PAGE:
Government officials have claimed they are unaware that a convicted torturer was
appointed as the deputy director of the Battambang prison, but indicated they would
not investigate the matter.
Battambang prison ... torture in the 1990s.
The United Nations Committee Against Torture raised the issue of Tem Seng at its
meeting in Geneva last month. Seng was known as the "Battambang Barbecuer"
for his role in torturing prisoners at the jail during the UNTAC period in the early
The UN committee requested more information about Seng, and committee member Dr Ole
Vedel Rasmussen of Denmark said it was "extremely worrying" if he had been
re-employed at the prison. The committee sent a series of questions to the government,
but senior human rights official, Om Yentieng, said he was yet to see them.
The director of the Department of Prisons, Kol Samkan, and his deputy, Chem Ny, both
claimed to be unaware of Seng's past conviction. The case stemmed from 1993, when
an UNTAC monitor recorded testimony from several prisoners who said Seng took a sadistic
pleasure beating and torturing prisoners. On several occasions he had tied prisoners
to a tree in the center of the prison yard and burned their bodies with hot pokers
while other inmates watched.
Seng was arrested in July 1993 by UNTAC and detained in the UN's own prison until
September of that year. He was then handed over to Phnom Penh's Municipal Court where
he was sentenced to 12 months in prison.
Government officials have maintained in international forums that police and other
officials are held accountable for such actions. Testifying before a UN human rights
committee in 1999, Om Yentieng detailed cases of police being charged or dismissed
for such behavior.
And in its 1999 torture report to the UN, the government cited the prosecution of
Seng as evidence that it had acted against officials guilty of mistreating prisoners.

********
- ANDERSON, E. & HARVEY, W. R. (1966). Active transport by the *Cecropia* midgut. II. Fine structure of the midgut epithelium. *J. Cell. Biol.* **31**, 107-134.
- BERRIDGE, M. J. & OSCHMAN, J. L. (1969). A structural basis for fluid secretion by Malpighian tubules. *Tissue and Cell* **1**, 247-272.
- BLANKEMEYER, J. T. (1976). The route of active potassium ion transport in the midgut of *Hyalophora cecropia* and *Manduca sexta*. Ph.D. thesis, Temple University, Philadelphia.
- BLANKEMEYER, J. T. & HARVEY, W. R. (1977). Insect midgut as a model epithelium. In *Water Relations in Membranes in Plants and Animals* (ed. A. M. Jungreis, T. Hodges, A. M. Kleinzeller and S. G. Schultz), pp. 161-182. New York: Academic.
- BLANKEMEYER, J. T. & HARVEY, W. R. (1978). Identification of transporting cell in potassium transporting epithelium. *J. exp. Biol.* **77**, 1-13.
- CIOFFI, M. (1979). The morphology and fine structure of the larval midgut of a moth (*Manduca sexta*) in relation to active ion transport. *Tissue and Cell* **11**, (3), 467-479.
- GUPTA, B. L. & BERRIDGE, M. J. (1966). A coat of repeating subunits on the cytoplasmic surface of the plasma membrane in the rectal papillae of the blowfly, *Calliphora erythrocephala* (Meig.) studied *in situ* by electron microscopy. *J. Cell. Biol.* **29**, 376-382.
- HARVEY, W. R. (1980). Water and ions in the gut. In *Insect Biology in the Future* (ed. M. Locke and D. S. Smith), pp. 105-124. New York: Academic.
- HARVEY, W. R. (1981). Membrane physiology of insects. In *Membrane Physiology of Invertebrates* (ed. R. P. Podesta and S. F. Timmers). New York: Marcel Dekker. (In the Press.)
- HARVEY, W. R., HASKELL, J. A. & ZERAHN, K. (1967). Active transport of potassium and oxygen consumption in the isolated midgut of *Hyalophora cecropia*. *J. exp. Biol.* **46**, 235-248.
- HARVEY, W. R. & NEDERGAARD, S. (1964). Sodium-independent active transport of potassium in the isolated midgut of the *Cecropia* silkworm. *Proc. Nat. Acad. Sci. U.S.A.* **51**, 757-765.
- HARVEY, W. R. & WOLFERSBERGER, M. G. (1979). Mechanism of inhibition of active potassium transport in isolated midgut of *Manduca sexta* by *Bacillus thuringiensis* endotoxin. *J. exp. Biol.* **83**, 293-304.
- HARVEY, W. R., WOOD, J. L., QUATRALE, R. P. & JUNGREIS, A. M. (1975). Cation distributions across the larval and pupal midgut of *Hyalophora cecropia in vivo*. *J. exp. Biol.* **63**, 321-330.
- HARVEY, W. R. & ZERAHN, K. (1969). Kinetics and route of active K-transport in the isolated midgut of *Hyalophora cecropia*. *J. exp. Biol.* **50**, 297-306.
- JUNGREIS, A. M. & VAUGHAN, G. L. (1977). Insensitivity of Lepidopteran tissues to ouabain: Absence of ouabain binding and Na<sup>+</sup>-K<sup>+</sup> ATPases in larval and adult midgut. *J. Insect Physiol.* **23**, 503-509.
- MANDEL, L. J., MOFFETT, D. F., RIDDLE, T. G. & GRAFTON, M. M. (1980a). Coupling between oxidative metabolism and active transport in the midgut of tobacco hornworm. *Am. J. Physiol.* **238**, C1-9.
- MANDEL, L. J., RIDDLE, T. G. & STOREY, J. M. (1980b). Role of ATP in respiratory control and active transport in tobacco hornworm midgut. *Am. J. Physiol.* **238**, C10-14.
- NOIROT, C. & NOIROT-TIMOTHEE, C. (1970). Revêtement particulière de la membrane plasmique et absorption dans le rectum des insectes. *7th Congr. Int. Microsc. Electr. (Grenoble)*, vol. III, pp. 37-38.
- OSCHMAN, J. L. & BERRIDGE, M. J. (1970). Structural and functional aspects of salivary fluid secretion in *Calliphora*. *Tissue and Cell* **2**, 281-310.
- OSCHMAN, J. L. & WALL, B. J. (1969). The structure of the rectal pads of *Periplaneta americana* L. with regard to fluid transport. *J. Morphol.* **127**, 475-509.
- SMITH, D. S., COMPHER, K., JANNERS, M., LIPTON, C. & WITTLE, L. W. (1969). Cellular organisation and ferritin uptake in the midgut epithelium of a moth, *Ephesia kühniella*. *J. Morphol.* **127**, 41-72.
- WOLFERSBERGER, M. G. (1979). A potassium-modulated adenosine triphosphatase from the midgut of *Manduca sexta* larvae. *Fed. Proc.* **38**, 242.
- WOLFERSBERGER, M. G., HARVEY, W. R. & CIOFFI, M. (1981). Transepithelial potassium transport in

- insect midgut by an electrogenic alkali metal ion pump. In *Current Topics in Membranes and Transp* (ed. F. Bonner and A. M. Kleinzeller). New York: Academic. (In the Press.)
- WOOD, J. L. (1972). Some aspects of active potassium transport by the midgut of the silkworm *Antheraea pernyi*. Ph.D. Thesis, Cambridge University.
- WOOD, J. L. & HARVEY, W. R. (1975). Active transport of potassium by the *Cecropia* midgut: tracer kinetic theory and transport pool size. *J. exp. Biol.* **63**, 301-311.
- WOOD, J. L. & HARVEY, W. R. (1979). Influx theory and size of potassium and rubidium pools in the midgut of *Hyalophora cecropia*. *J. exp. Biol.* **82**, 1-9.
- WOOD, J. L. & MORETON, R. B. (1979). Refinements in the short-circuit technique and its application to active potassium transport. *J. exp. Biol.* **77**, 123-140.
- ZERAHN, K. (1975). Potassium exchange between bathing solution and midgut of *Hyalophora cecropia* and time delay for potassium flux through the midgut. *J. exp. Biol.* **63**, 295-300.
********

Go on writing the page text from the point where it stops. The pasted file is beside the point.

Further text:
But Yentieng deflected questions on the current status of Tem Seng, saying the Post
should "speak to Tem Seng yourself".
The director of Battambang prison, Kong Saren, confirmed Seng was still working at
the jail, but said he did not want to be bothered by inquiries.
"People should allow him to be outside because he was in jail already for his
crimes," he said. "The human rights committees always come to ask about
his problems, [but] he doesn't want human rights or other groups to ask about this
Saren said the law did not allow officials to torture any of the 471 prisoners at
the facility. Occasionally, however, they were compelled to punish inmates.
"For example, if they try to escape from this prison, we need to add more punishment
to them like making them crawl on the ground and work in the prison, like digging
or cutting grass," he said.
The UN committee said it was worried at the widespread reports of torture in the
country's prisons and police stations. It outlined more than 20 "subjects of
concern" in the conclusions and recommendations of its Cambodia report.
The committee highlighted "the numerous, ongoing and consistent allegations
of acts of torture and other cruel, inhuman or degrading treatment or punishment
committed by law enforcement personnel in police stations and prisons."
It also took a swipe at the government over the "extended impunity for past
and present violations of human rights by law enforcement officials and members of
the armed forces", and criticised Phnom Penh for its failure to "to investigate
acts of torture and other cruel, inhuman or degrading treatment".